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Topic: Question about health  (Read 1274 times)

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Re: Question about health
« Reply #15 on: June 02, 2019, 08:26:55 PM »
In 2015 I took a test and found out I am soy intolerant. Issue with that is, it's in EVERYTHING. Literally unless it's a fresh picked fruit/veggie/meat, it has soya in it.

I don't see this as being the culprit, as I could never follow a soya-free diet in the States either. I was munching on some pumpkin seeds earlier and the "allergen warning" said "may contain traces of soya"

That being said, the food here might have a *different* type of soya? I really don't know.

It's so frustrating. All I've eaten today was eggs/bacon, hummus/cucumber and some pumpkin seeds.

I am already bloated and kind of crampy. -sigh-
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Re: Question about health
« Reply #16 on: June 02, 2019, 08:30:18 PM »
One day I started bloating at work and I had to run to Primark and buy a new pair of trousers... 2 sizes bigger.

Before the antibiotics, I would look 9 months pregnant some days.

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Re: Question about health
« Reply #17 on: June 02, 2019, 08:30:48 PM »
Thoughts of a non-medical-professional person and not meant to be medical advice, but things I've encountered and done:

Stress - Yes, stress can do that to you. I went through that on and off for years when I was in a stressful situation. At one point I remember having a plate on my stomach/midsection while I was laying down and everyone in the room could see my heartbeat by how much the plate was moving. Until you take care of the stress - good stress, bad stress, it's still stress - it can play havoc with your body. You've had a major upheaval in your life recently. While it's a good thing, it's still stress!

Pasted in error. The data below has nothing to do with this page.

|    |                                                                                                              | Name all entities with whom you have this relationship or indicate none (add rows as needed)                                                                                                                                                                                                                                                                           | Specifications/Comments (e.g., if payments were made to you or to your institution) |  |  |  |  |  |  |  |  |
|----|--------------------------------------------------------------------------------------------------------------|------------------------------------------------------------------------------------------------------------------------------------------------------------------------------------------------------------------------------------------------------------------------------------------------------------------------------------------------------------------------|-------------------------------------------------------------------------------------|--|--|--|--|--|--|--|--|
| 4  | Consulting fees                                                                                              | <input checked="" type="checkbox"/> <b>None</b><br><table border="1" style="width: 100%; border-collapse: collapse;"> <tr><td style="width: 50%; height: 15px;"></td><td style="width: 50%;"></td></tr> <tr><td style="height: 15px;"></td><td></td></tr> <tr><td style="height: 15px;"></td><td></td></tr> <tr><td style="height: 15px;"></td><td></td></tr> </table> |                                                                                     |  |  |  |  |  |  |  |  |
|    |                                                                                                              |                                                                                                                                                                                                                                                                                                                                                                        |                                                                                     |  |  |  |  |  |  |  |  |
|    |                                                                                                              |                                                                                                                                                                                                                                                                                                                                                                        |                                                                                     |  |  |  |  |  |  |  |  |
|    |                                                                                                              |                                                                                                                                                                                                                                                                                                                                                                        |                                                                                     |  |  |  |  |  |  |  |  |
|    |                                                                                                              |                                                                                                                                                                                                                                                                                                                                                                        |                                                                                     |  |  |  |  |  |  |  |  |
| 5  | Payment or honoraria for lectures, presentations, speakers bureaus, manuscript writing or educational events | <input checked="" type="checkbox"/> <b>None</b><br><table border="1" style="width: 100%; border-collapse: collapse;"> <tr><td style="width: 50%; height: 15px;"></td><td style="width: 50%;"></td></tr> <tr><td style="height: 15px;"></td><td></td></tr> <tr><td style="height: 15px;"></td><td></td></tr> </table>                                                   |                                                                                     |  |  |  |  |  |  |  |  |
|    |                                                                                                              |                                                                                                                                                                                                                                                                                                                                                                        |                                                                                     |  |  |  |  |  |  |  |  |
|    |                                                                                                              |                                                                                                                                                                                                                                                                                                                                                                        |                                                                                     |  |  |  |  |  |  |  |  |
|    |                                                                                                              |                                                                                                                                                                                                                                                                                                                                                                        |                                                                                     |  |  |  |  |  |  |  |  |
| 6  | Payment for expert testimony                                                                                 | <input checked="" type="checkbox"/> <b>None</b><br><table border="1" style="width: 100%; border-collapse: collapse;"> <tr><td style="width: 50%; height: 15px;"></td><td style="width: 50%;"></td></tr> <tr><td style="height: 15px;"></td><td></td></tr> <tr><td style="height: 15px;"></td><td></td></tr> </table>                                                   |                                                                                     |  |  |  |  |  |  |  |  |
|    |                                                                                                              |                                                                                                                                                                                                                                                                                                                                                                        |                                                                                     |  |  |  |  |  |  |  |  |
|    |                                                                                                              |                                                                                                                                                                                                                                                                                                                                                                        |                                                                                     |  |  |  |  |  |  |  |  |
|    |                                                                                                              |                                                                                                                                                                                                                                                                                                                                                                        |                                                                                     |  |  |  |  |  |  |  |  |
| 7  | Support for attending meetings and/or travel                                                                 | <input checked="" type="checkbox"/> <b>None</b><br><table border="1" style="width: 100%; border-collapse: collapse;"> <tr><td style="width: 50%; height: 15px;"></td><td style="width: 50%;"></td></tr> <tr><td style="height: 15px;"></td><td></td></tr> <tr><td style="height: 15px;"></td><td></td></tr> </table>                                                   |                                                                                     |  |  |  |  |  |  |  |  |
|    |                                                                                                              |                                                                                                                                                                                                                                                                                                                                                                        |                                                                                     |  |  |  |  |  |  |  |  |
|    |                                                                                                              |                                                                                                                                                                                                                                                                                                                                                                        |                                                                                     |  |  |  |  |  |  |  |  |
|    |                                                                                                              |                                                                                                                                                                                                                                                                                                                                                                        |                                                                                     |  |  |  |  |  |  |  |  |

Probiotics - a lot of them are destroyed by stomach acid, and don't even get to your gut. So if you go that route you'll want to find something that's coated and will actually make it to where it needs to be. Apparently having them in a dairy food can help buffer the effect of the acid, too. The Placebo Effect is well documented with some  people who improve suddenly who are popping non-coated pills.

Bugs - you may have picked up a bacteria you're not used to, and have a case of gastritis.  Sometimes that can take quite a while to settle down.

Other things - Could be IBS. Could be GERD. Could have something to do with your gallbladder or bile ducts. God forbid, it could be the start of ulcers. There's a lot of exotic and less exotic things that could be going on. And very little way to know what they are without some testing - and even then you might not know!

Food Sensitivity - Could be a food intolerance or sensitivity you've developed. For example, there are proteins in cow's milk that some people are allergic to, but they can drink milk from cows that have a slightly different protein - I think it's Type A1 v Type A2. Perhaps the dairy cows here are different from what you're used to (or they're fed something different) and you're just now running into the problem? If you have milk products at every meal... then again, if it happens when you've not had dairy, that particular example would be ruled out.  They use a lot of beet sugar here rather than cane sugar or corn sugar as in the States. Sugar is sugar, chemically, but there may be some hitchhiking molecules.... My point is, if it's a prepared food, it could be almost anything in it.

The EU has stricter regulations about keeping a lot of the nastier stuff that you still find in processed food in the States out of the food here, but there's still a lot of "stuff" in processed food. So, it could well be that there's something here - maybe a sugar substitute (one of the sugar alcohols) that's causing you trouble. (I personally have hell with those.)